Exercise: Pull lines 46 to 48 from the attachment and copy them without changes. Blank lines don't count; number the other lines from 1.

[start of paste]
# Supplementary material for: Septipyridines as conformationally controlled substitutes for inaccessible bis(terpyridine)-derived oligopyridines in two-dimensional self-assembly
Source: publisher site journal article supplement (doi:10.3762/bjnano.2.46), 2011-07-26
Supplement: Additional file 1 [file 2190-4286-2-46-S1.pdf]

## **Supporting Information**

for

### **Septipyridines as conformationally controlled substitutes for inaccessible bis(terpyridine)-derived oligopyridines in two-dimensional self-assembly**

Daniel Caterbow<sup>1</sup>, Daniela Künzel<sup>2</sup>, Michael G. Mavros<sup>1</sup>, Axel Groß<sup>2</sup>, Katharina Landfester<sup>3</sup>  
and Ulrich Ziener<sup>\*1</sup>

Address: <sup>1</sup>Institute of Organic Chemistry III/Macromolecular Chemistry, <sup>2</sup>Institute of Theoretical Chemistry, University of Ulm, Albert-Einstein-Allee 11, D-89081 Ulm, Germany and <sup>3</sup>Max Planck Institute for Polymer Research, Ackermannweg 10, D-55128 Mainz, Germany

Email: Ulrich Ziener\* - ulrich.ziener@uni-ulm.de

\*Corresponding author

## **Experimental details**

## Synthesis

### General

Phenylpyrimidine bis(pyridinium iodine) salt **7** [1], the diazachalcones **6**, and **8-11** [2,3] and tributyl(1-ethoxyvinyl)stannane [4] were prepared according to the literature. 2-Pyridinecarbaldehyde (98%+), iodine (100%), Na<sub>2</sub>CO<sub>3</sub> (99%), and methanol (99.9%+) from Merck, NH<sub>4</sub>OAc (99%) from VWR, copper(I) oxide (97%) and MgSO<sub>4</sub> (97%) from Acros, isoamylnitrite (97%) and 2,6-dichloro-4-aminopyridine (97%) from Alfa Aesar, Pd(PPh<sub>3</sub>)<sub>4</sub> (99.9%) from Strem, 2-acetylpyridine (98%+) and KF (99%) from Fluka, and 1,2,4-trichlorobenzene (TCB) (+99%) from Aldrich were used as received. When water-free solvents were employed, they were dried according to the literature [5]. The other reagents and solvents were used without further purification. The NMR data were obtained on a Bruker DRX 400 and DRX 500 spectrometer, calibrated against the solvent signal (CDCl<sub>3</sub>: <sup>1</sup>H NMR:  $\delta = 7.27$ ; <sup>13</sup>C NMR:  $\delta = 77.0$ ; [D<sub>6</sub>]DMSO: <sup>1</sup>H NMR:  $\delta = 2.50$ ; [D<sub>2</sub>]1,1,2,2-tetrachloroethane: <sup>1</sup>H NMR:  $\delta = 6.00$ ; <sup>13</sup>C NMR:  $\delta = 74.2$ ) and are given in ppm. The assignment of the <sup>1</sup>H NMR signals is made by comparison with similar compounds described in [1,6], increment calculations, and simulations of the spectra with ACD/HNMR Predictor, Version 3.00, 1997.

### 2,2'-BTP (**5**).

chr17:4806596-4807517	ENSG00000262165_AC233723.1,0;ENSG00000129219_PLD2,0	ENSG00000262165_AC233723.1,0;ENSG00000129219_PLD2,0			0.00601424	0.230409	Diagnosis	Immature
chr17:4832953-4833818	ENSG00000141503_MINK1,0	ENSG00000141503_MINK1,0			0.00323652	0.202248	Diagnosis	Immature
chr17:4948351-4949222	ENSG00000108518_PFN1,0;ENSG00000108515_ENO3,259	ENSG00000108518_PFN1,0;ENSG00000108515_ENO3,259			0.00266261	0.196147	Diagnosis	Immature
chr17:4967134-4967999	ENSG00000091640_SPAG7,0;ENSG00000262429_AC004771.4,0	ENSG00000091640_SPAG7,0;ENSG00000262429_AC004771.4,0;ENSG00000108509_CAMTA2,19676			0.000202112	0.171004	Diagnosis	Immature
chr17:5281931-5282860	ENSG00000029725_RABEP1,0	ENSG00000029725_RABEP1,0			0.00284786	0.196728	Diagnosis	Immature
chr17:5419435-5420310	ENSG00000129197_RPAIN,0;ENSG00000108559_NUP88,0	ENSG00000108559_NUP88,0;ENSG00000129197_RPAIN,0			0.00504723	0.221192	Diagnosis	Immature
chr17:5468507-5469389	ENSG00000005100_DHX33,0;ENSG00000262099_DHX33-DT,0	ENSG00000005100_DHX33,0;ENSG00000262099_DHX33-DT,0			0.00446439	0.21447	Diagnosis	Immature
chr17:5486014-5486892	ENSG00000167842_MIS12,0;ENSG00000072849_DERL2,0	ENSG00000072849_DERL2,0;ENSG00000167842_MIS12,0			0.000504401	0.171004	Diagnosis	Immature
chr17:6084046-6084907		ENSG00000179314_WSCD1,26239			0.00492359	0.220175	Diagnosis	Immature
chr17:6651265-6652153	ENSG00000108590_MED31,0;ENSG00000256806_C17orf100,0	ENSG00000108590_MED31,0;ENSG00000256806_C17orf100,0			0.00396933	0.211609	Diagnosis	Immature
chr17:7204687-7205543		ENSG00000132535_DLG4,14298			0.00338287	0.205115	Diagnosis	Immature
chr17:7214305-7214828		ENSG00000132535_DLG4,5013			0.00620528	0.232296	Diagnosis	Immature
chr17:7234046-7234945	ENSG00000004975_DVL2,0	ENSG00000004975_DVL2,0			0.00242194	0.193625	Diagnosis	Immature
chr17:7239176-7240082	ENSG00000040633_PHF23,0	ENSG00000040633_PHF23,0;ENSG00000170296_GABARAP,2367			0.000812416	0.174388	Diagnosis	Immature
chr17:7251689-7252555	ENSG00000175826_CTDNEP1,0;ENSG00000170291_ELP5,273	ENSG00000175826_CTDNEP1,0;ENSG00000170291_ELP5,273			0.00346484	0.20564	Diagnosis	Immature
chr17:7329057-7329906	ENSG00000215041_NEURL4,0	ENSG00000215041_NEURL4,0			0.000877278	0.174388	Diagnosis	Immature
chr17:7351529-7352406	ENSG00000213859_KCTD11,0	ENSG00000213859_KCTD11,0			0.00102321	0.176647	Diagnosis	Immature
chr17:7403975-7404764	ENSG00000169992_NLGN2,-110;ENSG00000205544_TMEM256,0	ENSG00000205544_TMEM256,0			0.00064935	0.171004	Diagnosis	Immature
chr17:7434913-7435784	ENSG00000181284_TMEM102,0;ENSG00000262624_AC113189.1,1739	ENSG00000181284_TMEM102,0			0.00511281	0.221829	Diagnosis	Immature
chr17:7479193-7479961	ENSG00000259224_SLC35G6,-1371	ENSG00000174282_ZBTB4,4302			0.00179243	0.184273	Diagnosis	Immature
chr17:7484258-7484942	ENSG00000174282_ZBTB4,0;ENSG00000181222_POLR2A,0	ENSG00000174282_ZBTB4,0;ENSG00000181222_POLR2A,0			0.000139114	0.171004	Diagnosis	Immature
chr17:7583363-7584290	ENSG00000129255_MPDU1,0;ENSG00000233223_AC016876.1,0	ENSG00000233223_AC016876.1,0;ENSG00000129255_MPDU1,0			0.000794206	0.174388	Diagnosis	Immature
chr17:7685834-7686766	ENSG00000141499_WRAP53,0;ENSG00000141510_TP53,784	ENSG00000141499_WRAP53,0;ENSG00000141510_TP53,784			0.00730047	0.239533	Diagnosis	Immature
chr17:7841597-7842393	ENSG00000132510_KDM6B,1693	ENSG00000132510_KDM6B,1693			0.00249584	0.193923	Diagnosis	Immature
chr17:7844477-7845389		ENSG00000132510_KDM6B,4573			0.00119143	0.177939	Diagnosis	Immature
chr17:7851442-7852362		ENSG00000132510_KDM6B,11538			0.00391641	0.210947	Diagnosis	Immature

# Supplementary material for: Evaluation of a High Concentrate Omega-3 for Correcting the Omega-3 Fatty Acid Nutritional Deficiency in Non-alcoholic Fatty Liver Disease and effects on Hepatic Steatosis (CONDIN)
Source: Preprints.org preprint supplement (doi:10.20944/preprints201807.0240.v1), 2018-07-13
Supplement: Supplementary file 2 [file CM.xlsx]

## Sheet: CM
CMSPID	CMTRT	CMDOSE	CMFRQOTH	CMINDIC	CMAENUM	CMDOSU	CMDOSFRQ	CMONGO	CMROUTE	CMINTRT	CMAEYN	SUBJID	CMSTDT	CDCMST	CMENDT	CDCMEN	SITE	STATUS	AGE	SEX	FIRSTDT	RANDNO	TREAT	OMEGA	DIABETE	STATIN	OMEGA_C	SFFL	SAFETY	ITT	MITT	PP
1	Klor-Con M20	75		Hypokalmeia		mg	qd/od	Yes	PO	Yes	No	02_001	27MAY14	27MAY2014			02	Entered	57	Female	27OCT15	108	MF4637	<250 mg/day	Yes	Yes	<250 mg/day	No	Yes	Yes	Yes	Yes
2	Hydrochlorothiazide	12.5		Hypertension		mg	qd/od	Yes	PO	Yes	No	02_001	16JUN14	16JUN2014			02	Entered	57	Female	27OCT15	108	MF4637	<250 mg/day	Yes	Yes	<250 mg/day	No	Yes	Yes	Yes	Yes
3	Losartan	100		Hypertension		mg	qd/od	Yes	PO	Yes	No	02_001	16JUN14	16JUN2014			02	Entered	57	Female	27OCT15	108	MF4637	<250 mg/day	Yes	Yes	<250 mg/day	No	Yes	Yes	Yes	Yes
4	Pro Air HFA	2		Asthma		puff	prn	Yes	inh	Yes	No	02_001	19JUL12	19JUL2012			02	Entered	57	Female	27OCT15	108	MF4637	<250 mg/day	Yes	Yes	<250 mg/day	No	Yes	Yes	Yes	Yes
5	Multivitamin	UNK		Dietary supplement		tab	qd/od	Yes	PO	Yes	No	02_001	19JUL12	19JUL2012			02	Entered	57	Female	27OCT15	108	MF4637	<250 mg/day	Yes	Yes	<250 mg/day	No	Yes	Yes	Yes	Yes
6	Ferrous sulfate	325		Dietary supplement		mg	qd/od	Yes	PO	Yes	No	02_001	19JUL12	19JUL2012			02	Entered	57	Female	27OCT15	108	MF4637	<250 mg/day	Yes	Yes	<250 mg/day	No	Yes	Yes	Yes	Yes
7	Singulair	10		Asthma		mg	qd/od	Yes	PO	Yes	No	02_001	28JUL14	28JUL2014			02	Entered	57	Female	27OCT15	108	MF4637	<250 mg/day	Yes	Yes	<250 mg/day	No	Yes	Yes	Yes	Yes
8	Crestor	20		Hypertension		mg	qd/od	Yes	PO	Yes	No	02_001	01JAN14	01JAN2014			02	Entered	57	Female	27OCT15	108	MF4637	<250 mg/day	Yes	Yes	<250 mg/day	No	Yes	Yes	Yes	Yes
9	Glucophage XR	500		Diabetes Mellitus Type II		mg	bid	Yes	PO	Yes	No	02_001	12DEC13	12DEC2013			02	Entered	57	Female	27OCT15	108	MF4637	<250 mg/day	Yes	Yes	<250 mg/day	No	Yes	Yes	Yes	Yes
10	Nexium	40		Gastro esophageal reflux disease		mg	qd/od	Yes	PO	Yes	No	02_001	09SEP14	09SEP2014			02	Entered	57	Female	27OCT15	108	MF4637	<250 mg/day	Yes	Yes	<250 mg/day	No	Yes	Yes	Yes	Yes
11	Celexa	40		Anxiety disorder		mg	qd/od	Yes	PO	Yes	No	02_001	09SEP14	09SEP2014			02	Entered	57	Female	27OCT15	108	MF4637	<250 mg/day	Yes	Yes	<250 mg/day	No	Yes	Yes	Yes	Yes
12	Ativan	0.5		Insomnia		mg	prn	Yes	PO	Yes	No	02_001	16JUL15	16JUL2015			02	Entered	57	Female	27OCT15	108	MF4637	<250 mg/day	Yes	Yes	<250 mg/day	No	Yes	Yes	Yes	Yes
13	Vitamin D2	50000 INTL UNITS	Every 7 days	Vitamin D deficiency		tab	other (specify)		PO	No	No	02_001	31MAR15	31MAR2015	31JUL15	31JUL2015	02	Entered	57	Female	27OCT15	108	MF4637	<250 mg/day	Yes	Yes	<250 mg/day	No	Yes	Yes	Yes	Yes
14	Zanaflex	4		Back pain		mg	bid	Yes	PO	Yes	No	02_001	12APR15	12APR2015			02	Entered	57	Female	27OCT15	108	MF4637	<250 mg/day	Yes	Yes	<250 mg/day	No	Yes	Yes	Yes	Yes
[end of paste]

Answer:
## Sheet: CM
CMSPID	CMTRT	CMDOSE	CMFRQOTH	CMINDIC	CMAENUM	CMDOSU	CMDOSFRQ	CMONGO	CMROUTE	CMINTRT	CMAEYN	SUBJID	CMSTDT	CDCMST	CMENDT	CDCMEN	SITE	STATUS	AGE	SEX	FIRSTDT	RANDNO	TREAT	OMEGA	DIABETE	STATIN	OMEGA_C	SFFL	SAFETY	ITT	MITT	PP
1	Klor-Con M20	75		Hypokalmeia		mg	qd/od	Yes	PO	Yes	No	02_001	27MAY14	27MAY2014			02	Entered	57	Female	27OCT15	108	MF4637	<250 mg/day	Yes	Yes	<250 mg/day	No	Yes	Yes	Yes	Yes